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Wednesday, November 30, 2011

UMNO EGO: Pakatan fled because they knew I had substance in my argument, says Nazri

UMNO EGO: Pakatan fled because they knew I had substance in my argument, says Nazri

KUALA LUMPUR — Datuk Seri Mohamed Nazri Aziz mocked the opposition’s Parliamentary walkout yesterday before the Peaceful Assembly Bill vote, claiming they were afraid he would “tear them to pieces” by then.

“When they heard I was going to wind up debates, they knew I would have substance in my argument.

“That’s why they fled, they boycotted... I would have torn them to pieces, anything they raised, I would have made them look stupid. They were worried, they were scared,” he told The Malaysian Insider last night.

Pakatan Rakyat (PR) MPs staged a walkout yesterday after their plea for the Bill’s withdrawal was rejected.

Their move allowed Dewan Rakyat to pass the controversial law with just votes from the Barisan Nasional (BN) bench, pushing through six amendments revolving around the advance notice required for an assembly.

Speaker Tan Sri Pandikar Amin Mulia had allowed just three opposition MPs to debate the Bill, all of whom asked for it to be withdrawn and put before a select committee.

“This is our way of rejecting the Bill until we have a select committee,” PKR’s Subang MP R. Sivarasa told The Malaysian Insider as the opposition lawmakers left Parliament.

“This Bill does not protect national security, only the security of BN leaders,” said PAS president Datuk Seri Abdul Hadi Awang, who was the last PR MP allowed to speak.

Critics have said the proposed law, which bars street protests, is more repressive than those in countries like Myanmar, which has one of the world’s poorest human rights records.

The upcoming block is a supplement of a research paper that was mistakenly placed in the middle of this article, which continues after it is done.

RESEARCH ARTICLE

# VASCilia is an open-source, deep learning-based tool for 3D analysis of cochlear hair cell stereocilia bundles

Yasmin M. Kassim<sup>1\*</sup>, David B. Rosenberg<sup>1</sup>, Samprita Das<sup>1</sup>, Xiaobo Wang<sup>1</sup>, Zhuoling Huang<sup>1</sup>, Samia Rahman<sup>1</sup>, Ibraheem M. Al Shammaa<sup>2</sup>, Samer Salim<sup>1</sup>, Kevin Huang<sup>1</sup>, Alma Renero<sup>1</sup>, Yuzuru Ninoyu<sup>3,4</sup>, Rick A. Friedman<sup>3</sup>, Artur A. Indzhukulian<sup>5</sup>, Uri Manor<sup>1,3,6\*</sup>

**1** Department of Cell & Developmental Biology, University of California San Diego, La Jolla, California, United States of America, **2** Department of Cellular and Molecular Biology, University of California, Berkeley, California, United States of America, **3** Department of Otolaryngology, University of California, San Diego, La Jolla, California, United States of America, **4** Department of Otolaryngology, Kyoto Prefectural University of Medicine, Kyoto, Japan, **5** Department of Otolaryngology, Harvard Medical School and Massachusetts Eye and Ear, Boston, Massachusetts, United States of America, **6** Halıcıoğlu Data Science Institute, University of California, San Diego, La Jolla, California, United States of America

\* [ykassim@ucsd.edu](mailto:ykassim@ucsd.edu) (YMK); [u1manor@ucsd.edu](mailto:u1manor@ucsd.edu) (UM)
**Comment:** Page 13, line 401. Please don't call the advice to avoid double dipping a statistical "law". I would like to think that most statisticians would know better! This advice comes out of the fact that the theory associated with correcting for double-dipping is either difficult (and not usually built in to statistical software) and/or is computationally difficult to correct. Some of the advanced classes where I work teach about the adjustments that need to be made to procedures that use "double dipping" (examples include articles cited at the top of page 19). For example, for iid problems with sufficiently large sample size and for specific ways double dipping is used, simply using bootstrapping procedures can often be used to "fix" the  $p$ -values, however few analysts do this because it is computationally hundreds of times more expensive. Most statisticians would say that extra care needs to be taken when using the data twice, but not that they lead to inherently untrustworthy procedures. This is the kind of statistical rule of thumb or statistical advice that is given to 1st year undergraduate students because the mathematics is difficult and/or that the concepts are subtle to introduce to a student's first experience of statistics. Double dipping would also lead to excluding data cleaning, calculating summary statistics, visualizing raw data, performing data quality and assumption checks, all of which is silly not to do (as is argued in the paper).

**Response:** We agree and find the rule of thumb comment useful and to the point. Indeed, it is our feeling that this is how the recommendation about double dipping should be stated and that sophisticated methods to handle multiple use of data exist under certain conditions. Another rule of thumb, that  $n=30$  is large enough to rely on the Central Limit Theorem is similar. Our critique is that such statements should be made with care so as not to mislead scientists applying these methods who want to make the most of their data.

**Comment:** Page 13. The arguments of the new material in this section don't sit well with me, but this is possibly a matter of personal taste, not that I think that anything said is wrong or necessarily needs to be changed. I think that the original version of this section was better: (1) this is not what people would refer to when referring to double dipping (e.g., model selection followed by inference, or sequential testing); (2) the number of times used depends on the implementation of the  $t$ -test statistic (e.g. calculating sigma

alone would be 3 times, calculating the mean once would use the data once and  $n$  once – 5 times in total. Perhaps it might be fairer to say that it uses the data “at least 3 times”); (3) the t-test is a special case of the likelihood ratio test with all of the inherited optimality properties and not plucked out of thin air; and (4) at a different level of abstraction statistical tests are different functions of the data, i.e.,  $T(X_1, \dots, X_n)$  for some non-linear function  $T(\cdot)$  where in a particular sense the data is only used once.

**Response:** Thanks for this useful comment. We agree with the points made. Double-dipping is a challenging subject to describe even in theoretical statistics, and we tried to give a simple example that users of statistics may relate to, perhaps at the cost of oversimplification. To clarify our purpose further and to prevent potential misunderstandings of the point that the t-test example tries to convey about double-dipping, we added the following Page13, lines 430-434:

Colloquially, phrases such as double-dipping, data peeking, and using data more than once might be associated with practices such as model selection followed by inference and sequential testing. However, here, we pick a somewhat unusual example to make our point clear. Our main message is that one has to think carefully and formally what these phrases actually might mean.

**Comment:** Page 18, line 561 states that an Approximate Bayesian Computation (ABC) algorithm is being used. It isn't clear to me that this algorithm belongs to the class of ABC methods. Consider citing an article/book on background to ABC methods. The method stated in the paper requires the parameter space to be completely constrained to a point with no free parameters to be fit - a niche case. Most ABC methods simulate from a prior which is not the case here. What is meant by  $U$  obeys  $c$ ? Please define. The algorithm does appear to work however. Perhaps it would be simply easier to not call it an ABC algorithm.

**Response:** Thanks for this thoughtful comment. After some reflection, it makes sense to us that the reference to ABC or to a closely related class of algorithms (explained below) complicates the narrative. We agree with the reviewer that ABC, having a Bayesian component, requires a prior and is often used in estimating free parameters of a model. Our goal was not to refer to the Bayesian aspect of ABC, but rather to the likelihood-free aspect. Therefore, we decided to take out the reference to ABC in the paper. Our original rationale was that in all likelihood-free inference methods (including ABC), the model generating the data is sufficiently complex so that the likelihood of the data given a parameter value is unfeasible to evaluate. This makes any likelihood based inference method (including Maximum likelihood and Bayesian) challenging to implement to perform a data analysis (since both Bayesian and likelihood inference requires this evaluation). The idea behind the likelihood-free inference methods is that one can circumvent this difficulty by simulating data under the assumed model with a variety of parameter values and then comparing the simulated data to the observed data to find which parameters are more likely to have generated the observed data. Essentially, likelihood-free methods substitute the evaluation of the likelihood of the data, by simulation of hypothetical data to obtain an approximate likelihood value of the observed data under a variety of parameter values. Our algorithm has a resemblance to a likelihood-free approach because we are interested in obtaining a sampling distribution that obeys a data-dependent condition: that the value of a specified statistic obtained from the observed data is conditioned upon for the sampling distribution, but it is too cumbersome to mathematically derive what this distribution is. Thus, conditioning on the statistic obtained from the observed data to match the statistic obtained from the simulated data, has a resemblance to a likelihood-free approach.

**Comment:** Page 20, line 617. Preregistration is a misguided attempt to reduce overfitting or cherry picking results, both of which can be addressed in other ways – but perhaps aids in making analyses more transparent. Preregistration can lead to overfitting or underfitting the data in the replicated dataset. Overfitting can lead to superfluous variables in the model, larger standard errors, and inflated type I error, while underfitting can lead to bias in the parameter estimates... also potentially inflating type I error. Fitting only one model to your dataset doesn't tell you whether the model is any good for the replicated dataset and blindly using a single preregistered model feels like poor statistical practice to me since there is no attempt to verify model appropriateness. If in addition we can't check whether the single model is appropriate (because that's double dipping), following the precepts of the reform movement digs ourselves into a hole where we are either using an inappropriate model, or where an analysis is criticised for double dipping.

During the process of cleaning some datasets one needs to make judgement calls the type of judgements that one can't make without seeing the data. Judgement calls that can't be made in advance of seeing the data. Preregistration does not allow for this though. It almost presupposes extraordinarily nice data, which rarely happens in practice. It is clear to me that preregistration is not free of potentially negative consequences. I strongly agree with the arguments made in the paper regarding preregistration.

But Nazri (picture), the de facto law minister accused PR of “opposing for the sake of opposing”, standing by the government’s view that the newly proposed law “takes the right to public assembly from the hands of the police to the rakyat”.

He reminded the opposition that while Article 10 of the Constitution allows for peaceful assembly without arms, it also stipulates the government’s right to enact laws to protect national security and public order.

“At the end of the day, the security of the federation lies in our hands. We have to answer for any mishaps that should occur during such assemblies,” he said.

Nazri poured cold water on all points of contention raised by the opposition against the Bill during debates yesterday, singling out DAP secretary-general Lim Guan Eng and PKR de facto leader Datuk Seri Anwar Ibrahim in his arguments.

On the advance notice requirement, Nazri said 10 days was reasonable and was not imposed for the purpose of restricting freedom.

“You give notice within 10 days and the cops must respond within five days. If they do not respond, you can proceed with the assembly.

“We need to seek notice for non-gazetted areas... For example, if you want to hold an assembly outside Anwar’s house... Don’t you think he has the right to say okay or not? And we need that notice period to seek his permission,” he said.

Nazri stressed that while the Bill bans street demonstrations “in motion”, it still allows for street gatherings, provided that the notice requirement is fulfilled and location is acceptable.

“So what are they talking about now? They have no standing,” he said.

Nazri also castigated the Bar Council for staging a protest yesterday against the Bill, and called out its president Lim Chee Wee to stand for elections if he felt his views represented the people’s voice.

“This is how they behave when their views are not accepted... They want to force it down our throats.

“Who elected them? No one did. How is it, that BN, elected by the people, is now made to feel as if the Bar Council has more standing than us?” he said.

Nazri then challenged Lim to register the council as a political party and stand in the coming polls.

“Otherwise, do not be too presumptuous and think that your views are shared by all. Behave like professionals,” he said.

Hundreds of lawyers joined Lim in the council’s “Walk for Freedom” outside the august House yesterday to mark their open defiance against a law they claim is unconstitutional.

The council also handed over copies of its proposed alternative to the government’s assembly Bill to deputy minister Datuk V. K. Liew, urging the government to consider their recommendations.


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